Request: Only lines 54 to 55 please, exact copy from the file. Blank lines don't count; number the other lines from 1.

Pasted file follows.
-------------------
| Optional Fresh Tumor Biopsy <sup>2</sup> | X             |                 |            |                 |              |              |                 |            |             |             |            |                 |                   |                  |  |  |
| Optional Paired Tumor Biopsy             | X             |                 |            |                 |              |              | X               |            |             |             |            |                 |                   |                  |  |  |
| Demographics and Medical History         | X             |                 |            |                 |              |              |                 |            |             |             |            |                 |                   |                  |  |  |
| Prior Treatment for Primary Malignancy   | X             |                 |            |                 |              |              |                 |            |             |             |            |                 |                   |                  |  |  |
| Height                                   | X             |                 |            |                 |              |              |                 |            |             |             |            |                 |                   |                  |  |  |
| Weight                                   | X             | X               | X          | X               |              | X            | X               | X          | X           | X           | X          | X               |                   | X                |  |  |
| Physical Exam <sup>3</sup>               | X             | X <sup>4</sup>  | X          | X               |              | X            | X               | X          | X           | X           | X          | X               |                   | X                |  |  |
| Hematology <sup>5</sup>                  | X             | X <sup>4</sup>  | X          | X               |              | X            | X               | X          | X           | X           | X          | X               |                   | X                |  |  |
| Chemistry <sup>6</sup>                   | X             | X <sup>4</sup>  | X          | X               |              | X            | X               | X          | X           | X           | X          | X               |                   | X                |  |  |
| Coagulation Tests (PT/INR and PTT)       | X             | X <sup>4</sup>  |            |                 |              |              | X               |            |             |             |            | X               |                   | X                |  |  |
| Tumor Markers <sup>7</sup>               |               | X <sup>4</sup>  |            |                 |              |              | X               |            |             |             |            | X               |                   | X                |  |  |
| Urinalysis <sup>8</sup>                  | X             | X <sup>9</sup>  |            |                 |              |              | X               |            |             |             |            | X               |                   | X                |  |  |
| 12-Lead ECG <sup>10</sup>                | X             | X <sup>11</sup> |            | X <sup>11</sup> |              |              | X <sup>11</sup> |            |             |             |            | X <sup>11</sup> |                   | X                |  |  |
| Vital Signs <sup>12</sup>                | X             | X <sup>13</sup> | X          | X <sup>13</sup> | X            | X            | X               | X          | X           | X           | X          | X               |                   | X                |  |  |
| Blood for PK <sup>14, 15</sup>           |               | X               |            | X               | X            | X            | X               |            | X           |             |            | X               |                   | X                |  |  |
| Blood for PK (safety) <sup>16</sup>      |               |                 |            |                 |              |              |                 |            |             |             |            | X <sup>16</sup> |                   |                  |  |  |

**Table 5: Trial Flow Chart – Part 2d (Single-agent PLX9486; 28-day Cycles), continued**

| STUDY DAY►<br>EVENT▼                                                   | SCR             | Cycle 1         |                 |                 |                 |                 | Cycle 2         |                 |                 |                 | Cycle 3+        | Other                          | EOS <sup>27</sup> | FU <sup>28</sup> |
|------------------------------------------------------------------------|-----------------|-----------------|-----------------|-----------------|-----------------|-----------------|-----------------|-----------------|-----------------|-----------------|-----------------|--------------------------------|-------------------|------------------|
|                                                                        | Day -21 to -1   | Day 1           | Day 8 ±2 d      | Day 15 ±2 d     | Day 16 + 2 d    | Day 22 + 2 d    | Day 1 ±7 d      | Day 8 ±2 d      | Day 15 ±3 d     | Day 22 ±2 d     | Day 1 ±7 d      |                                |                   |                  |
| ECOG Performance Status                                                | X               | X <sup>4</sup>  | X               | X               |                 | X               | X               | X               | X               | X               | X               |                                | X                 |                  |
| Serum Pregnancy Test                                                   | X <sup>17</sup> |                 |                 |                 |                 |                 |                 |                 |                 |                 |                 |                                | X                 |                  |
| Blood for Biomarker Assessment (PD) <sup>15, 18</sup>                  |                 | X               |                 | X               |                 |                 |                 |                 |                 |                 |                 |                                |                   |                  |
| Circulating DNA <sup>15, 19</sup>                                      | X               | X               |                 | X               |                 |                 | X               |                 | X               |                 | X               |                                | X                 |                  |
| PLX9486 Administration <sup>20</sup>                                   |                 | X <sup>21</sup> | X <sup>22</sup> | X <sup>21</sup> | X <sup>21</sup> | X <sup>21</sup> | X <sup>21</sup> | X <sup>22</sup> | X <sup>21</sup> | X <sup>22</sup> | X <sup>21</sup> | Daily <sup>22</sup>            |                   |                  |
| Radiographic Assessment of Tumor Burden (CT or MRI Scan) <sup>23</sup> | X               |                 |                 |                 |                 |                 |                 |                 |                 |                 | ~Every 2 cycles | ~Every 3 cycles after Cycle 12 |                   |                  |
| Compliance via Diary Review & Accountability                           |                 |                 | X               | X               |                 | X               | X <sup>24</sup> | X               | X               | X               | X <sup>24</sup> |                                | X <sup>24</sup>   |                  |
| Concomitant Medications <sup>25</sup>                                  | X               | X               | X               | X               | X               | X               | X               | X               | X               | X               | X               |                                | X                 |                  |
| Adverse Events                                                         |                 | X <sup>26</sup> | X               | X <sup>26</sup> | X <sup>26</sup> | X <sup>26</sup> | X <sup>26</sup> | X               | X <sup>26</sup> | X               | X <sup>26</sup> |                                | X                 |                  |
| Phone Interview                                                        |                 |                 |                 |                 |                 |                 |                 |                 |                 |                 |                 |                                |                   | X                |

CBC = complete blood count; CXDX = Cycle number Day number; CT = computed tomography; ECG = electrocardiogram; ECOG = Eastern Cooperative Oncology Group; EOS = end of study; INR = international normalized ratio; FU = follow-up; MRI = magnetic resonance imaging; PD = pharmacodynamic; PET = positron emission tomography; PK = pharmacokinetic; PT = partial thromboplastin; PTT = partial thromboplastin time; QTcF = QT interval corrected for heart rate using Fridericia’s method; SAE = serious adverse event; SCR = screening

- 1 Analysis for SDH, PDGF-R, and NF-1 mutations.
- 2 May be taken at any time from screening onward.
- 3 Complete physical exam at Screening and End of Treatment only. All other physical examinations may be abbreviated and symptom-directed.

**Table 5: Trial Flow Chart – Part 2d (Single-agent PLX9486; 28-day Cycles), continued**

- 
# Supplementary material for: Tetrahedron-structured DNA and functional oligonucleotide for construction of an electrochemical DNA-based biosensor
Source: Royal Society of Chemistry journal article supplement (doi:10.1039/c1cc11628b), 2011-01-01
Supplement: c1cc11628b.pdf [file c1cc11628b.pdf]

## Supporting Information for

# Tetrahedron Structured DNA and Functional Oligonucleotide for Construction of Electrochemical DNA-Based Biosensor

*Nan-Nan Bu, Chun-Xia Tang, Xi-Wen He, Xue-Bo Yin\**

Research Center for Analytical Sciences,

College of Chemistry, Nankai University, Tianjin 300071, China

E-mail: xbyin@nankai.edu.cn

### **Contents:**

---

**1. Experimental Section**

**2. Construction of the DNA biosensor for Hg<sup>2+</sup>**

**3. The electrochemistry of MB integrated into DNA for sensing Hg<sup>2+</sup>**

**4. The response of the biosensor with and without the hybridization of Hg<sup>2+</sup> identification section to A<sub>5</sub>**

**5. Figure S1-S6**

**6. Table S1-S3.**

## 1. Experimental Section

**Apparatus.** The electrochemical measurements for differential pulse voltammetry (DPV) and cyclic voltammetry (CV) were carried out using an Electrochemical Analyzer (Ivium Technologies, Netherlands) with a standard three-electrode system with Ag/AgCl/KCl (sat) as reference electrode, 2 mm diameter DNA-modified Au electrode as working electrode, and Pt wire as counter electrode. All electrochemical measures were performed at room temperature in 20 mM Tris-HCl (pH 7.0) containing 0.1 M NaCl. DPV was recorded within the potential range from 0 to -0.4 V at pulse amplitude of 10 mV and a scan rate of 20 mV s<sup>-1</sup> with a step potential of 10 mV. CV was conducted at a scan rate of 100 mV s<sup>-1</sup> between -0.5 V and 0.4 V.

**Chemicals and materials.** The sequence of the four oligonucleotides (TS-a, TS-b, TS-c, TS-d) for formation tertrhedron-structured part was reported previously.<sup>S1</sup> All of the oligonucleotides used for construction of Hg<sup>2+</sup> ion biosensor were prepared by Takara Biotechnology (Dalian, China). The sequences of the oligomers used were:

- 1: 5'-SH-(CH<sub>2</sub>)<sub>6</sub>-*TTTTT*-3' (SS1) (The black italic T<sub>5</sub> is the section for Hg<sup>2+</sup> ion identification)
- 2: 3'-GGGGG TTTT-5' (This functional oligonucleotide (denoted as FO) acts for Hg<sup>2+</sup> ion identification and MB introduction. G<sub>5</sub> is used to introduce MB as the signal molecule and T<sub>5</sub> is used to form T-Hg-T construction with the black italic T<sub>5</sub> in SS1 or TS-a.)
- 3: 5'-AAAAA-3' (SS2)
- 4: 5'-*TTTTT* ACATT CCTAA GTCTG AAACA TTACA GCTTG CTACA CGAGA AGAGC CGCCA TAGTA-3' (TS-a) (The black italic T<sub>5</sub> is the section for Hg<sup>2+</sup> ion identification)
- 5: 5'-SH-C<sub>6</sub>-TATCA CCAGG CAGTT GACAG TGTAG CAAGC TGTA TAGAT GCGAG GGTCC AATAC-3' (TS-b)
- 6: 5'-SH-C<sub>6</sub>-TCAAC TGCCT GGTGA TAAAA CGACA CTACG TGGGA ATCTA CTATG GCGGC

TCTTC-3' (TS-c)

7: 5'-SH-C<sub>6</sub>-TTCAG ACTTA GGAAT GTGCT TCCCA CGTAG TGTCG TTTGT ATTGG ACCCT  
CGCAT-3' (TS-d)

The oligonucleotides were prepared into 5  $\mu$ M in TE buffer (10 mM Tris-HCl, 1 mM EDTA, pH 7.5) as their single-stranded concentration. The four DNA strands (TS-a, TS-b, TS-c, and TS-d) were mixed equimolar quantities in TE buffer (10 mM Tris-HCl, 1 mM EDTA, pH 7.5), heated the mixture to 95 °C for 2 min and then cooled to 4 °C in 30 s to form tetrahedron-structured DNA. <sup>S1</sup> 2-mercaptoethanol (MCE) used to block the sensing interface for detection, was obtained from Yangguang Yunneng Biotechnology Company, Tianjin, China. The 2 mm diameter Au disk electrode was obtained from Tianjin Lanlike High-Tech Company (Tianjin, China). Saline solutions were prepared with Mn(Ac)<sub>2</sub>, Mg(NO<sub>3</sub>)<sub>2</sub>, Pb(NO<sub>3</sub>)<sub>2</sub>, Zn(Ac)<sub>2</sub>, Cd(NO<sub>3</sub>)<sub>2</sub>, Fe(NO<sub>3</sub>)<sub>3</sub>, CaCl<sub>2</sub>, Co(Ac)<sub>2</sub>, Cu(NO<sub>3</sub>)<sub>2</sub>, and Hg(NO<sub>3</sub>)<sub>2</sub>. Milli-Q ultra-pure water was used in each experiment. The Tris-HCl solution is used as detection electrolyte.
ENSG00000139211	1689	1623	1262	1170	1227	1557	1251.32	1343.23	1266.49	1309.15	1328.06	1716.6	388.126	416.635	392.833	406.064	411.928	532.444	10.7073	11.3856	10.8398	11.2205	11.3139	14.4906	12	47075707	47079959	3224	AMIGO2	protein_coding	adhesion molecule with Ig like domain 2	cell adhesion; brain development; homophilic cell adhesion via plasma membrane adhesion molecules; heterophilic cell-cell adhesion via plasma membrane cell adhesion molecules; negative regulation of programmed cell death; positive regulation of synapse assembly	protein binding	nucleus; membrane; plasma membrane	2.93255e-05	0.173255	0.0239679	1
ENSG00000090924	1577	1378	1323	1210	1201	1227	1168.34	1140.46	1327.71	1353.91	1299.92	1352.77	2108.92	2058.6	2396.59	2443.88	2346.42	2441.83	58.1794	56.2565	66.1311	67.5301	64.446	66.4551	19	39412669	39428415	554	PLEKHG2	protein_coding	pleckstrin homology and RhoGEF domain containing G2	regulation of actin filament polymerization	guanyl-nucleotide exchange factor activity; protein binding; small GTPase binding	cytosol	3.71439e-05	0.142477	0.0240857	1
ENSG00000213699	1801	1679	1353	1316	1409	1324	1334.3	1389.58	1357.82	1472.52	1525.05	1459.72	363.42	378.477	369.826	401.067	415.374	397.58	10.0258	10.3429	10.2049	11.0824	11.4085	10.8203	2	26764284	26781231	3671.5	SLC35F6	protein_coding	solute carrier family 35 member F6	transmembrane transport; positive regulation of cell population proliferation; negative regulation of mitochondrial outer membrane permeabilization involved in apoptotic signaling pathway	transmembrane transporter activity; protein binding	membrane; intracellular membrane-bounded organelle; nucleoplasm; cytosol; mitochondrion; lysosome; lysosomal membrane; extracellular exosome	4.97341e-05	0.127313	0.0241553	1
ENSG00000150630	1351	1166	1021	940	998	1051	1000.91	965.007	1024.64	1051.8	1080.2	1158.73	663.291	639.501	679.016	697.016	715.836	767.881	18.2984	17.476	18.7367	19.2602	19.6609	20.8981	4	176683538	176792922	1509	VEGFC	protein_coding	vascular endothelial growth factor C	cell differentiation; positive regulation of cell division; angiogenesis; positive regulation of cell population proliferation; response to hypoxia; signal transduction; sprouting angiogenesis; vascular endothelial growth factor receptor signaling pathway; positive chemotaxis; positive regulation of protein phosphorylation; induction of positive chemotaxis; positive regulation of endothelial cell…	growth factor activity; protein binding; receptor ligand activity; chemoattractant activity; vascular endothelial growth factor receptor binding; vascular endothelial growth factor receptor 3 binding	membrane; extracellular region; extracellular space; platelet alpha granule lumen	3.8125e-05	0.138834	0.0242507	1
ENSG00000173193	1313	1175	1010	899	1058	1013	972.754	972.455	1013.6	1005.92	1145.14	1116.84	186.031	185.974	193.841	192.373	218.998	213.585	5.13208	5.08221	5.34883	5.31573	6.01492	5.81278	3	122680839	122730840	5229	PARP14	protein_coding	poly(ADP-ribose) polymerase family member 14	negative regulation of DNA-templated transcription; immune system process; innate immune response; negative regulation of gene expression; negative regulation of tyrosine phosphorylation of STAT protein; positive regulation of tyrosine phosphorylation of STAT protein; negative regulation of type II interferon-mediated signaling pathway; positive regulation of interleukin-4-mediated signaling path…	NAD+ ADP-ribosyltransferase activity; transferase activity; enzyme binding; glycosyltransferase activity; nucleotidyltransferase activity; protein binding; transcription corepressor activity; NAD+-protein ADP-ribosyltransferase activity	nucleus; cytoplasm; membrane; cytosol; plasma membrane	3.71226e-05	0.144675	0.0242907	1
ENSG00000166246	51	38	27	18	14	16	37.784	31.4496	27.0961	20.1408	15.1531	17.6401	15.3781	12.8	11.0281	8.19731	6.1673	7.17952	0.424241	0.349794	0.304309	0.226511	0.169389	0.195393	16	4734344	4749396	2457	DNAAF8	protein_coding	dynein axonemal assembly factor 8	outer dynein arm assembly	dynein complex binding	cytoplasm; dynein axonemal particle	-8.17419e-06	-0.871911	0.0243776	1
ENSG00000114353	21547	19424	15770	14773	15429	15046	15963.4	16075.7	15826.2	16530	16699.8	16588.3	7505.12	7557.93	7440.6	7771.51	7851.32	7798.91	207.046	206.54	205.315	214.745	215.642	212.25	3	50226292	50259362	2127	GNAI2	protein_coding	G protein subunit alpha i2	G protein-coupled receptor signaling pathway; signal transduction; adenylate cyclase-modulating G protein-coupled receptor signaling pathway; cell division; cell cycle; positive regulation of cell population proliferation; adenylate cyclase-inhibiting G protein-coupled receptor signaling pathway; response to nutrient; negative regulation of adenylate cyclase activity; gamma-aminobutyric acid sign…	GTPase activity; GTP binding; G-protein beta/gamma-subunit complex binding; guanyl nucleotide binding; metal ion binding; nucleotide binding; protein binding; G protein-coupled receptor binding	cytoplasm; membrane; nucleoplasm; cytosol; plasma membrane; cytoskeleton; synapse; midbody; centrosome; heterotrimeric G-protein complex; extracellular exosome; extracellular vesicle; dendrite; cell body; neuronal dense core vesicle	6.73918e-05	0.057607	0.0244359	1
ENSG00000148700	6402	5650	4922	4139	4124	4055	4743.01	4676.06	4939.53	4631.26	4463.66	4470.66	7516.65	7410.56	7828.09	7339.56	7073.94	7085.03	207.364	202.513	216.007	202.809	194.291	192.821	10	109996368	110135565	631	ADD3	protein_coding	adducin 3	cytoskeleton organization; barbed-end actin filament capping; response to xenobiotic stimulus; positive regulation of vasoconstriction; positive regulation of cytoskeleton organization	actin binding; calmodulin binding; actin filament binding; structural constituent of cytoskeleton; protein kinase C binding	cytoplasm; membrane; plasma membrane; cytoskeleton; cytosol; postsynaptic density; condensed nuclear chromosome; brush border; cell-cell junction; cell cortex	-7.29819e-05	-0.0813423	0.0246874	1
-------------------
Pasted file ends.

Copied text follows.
## 1. Experimental Section

**Apparatus.** The electrochemical measurements for differential pulse voltammetry (DPV) and cyclic voltammetry (CV) were carried out using an Electrochemical Analyzer (Ivium Technologies, Netherlands) with a standard three-electrode system with Ag/AgCl/KCl (sat) as reference electrode, 2 mm diameter DNA-modified Au electrode as working electrode, and Pt wire as counter electrode. All electrochemical measures were performed at room temperature in 20 mM Tris-HCl (pH 7.0) containing 0.1 M NaCl. DPV was recorded within the potential range from 0 to -0.4 V at pulse amplitude of 10 mV and a scan rate of 20 mV s<sup>-1</sup> with a step potential of 10 mV. CV was conducted at a scan rate of 100 mV s<sup>-1</sup> between -0.5 V and 0.4 V.